The next level down will be just FTGFOP (which, some tea cognoscenti joke, means "Far Too Good For Ordinary People") followed by a 1 or 2 to indicate which harvest. There might even be some further classifications like "Clonal" (Cl), which yes, does mean that the plant the tea came from was cloned from some marvelous original. If that isn't enough tea nerdiness for you, visit http://en.wikipedia.org/wiki/Orange_pekoe. Or, for a cool flowchart of the major tea processing methods, http://en.wikipedia.org/wiki/File:Teaprocessing.svg.

I betcha "tip top" and "tippy top" are superlatives borrowed directly from tea classification. I never realized that the tender growing leaf at the top of a tea plant was what I was talking about all the (well, few) times I've used such phrases.

The lower you go on the tea plant, the lower the quality of the tea. Here's a nifty graphic I found on Wikipedia, along with the Chinese names for each grade   these are not translations of "Orange Pekoe," which is a classification assigned to teas grown outside of China. You may be wondering what "Orange Pekoe" means, and I can assure you after exhaustive research that it just means black tea of a standard good quality. It has nothing to do with oranges, neither citrus nor the princely House of Orange-Nassau. I suppose that the ambiguity of what "Orange Pekoe" really means is part of the reason the tea industry was spurred to add so many more epithets to the classification of these teas.

I mention all this because I have posted/will post notes here about some very fine Darjeeling and Assam teas, and will mention these classifications. They look pretty insane and/or fussy, but I'll use them just the same. It seems the proper thing to do as I trip along through some of the most special golden flowery harvests of tea available.

Thus endeth the lesson.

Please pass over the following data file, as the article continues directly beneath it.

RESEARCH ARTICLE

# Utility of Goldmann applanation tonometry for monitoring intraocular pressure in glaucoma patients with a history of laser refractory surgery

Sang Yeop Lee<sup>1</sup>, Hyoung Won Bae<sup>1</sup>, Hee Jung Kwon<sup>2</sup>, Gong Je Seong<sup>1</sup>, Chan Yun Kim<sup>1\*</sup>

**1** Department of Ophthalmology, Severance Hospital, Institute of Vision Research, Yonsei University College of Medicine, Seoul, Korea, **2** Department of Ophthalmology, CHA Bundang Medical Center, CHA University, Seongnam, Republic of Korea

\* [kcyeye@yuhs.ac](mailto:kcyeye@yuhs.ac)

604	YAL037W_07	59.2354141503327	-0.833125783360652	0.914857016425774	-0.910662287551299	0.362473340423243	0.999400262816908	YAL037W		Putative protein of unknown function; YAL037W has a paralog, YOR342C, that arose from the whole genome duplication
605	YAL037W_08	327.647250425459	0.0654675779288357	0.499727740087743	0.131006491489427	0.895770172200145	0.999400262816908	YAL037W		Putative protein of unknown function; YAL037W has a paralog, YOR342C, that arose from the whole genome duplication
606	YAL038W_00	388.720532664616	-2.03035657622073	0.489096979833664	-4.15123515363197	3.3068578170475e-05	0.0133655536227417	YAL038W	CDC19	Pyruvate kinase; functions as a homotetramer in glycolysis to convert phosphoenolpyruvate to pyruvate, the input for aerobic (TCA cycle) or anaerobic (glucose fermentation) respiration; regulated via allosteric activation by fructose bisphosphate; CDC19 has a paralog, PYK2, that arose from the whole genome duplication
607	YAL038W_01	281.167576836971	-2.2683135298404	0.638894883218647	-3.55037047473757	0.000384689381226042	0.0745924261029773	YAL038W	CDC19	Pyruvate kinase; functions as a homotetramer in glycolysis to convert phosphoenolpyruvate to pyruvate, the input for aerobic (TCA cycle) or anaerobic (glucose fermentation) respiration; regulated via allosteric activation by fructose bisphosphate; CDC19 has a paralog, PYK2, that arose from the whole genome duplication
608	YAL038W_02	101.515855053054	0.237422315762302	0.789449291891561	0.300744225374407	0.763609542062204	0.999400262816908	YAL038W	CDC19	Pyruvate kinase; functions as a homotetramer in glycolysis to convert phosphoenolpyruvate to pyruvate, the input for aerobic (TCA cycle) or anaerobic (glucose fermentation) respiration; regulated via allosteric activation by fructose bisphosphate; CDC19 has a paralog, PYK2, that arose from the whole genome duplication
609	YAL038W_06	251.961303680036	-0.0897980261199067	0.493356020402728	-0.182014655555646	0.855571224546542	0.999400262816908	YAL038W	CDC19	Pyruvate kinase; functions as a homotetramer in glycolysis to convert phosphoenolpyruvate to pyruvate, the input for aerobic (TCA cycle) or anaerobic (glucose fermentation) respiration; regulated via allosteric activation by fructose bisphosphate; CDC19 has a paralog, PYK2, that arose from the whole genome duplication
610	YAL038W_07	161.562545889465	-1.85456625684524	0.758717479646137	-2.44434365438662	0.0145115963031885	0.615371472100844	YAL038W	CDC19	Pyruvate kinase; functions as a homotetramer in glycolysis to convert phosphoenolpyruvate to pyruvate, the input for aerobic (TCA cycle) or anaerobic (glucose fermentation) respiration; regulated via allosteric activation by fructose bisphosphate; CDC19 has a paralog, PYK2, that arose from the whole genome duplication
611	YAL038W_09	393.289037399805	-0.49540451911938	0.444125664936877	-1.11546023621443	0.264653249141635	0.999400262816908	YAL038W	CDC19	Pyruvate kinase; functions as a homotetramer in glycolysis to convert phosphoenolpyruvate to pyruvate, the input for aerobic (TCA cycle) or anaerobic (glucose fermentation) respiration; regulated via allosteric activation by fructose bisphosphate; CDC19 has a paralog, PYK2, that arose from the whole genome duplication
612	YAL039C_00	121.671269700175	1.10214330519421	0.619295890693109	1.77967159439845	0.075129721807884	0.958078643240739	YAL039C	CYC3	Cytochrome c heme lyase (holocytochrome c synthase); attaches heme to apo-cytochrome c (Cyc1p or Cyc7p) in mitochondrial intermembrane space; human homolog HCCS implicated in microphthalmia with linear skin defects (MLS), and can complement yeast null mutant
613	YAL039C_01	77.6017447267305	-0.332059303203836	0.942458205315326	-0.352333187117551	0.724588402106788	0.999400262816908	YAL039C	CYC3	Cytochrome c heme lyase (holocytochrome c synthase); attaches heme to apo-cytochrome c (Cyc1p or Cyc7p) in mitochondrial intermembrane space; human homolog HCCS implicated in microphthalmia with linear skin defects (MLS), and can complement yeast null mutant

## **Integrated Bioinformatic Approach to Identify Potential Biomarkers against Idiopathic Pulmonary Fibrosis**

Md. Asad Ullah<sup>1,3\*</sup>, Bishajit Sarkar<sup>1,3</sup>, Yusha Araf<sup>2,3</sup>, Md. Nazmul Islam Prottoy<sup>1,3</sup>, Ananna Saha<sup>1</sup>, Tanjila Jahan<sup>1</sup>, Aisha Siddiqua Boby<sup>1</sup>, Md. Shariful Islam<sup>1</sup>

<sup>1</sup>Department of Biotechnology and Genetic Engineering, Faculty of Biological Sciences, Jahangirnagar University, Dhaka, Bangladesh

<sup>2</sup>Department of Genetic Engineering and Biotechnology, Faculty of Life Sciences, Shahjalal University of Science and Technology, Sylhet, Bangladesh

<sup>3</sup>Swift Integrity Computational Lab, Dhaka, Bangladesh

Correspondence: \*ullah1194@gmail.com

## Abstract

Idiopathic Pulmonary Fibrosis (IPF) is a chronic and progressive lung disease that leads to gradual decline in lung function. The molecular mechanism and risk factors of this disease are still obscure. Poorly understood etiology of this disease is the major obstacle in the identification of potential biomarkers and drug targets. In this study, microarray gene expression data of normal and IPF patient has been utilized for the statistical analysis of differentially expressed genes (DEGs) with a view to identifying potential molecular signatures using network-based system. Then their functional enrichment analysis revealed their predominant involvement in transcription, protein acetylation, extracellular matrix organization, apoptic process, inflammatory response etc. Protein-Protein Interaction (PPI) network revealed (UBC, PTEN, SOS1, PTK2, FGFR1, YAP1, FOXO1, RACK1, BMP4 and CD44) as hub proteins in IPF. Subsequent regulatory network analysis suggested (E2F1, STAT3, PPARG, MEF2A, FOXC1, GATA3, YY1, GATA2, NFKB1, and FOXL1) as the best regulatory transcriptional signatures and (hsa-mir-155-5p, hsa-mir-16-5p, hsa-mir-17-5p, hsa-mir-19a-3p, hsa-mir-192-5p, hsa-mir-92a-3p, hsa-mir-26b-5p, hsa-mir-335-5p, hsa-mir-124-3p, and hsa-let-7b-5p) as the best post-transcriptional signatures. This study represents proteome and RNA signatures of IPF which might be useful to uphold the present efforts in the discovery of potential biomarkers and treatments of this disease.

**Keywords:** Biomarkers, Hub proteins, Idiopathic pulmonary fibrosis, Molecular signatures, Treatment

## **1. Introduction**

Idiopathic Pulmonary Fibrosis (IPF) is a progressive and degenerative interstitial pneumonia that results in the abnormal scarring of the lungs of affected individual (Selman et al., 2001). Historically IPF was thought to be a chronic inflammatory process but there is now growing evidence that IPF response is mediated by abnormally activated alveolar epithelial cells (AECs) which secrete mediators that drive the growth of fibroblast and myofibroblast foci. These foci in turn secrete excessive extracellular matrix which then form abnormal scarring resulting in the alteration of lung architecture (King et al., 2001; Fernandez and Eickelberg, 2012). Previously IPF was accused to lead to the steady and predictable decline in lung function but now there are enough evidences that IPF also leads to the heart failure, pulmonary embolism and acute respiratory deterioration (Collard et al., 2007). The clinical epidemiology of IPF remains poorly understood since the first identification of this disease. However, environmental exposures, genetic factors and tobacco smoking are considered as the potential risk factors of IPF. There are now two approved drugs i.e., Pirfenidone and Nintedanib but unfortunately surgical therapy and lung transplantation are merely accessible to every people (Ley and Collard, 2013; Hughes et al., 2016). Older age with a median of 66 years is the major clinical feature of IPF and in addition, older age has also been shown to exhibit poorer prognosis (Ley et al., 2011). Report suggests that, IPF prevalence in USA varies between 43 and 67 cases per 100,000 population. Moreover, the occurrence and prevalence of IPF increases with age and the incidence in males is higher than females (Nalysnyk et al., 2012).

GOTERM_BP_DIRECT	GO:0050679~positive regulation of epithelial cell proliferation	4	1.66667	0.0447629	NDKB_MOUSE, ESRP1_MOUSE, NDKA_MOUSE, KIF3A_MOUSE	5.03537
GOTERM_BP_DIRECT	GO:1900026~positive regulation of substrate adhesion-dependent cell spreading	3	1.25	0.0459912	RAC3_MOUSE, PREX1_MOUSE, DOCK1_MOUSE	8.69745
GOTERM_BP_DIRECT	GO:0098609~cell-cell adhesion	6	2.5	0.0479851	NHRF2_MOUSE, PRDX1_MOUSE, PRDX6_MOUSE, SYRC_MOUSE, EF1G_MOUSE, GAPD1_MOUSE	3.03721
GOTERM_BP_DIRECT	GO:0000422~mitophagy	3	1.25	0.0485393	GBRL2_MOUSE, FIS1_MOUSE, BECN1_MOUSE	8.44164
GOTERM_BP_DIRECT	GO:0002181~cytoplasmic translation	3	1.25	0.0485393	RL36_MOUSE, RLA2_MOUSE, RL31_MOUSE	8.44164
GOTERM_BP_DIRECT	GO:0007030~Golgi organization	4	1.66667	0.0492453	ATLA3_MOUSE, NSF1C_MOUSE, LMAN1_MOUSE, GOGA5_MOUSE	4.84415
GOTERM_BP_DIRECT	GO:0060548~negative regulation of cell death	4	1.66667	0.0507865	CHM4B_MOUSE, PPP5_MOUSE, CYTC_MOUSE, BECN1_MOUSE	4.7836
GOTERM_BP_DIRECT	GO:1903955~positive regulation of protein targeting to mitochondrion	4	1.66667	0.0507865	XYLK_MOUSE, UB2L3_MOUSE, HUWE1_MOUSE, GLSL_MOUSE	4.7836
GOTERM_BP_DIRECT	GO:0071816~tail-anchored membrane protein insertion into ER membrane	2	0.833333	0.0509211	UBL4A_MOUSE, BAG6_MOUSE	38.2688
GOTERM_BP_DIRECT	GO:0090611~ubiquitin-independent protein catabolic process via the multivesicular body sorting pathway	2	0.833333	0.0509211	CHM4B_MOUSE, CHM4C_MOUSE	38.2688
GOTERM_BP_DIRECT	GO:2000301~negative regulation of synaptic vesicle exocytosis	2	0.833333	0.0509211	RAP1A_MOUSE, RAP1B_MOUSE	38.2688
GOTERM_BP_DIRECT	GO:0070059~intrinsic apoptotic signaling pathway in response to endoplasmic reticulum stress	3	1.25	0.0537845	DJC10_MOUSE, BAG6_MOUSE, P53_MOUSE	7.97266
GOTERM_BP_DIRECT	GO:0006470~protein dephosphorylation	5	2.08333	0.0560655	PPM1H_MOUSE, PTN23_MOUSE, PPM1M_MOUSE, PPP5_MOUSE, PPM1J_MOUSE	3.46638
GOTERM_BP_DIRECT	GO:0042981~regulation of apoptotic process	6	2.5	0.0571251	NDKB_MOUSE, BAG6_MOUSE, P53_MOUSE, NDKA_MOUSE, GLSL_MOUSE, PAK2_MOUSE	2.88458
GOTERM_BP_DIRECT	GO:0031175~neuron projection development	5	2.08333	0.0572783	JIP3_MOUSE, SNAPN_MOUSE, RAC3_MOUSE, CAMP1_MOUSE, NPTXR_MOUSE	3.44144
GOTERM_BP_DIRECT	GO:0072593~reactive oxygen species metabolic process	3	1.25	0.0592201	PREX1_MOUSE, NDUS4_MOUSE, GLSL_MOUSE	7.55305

Wednesday, October 12, 2011

Scottish Breakfast (caffeinated)

I had an old box of Taylors of Harrogate tea that I wanted to contrast with my fresh packet from Upton. I brewed both for 4 minutes at 212F and added milk. The main difference was strength; I put the two cups side by side and could tell, even with the same amount of milk, which was the better brew. I tossed out the Harrogate tea and finished the Upton one. At first it was difficult to enjoy, since I'm still in an Oolong frame of mind (tongue?), and black teas seem rather dull, dusty, and one-dimensioned in comparison. But after about three sips, I was hooked. The Upton Scottish Blend tea, a mix of Assam, Ceylon, and Yunnan (Harrogate was pure Assam), had a sort of meatiness to it, aside from the flavor from the milk. Today, October 12, the weather dipped suddenly into a cool damp phase after a longish stretch of truly lovely clear "Indian Summer" weather (I've been told Indian Summer can only happen after the first frost, which hasn't occurred yet in this region). So it was the perfect day for a cup of Scottish tea. The sheep in the picture above are Soay, a primitive small breed that lives only on the outer isles of Scotland. They are remarkable for their stoic qualities  if not their wool or meat, which are as meager as the land they live on. They are about 55 pounds, as big as a medium-sized dog. Primitive breeds like the Soay shed their outer coat once or twice a year, and you can gather it and spin it if you really want to but it's probably not worth the effort. According to this website, the Soay are "aloof, wary, and graceful," and they also sometimes "stott (sprint-jump on all fours) when alarmed or exuberant." If I ever live on such an island I'll get a few and watch them stott while sipping Scottish tea.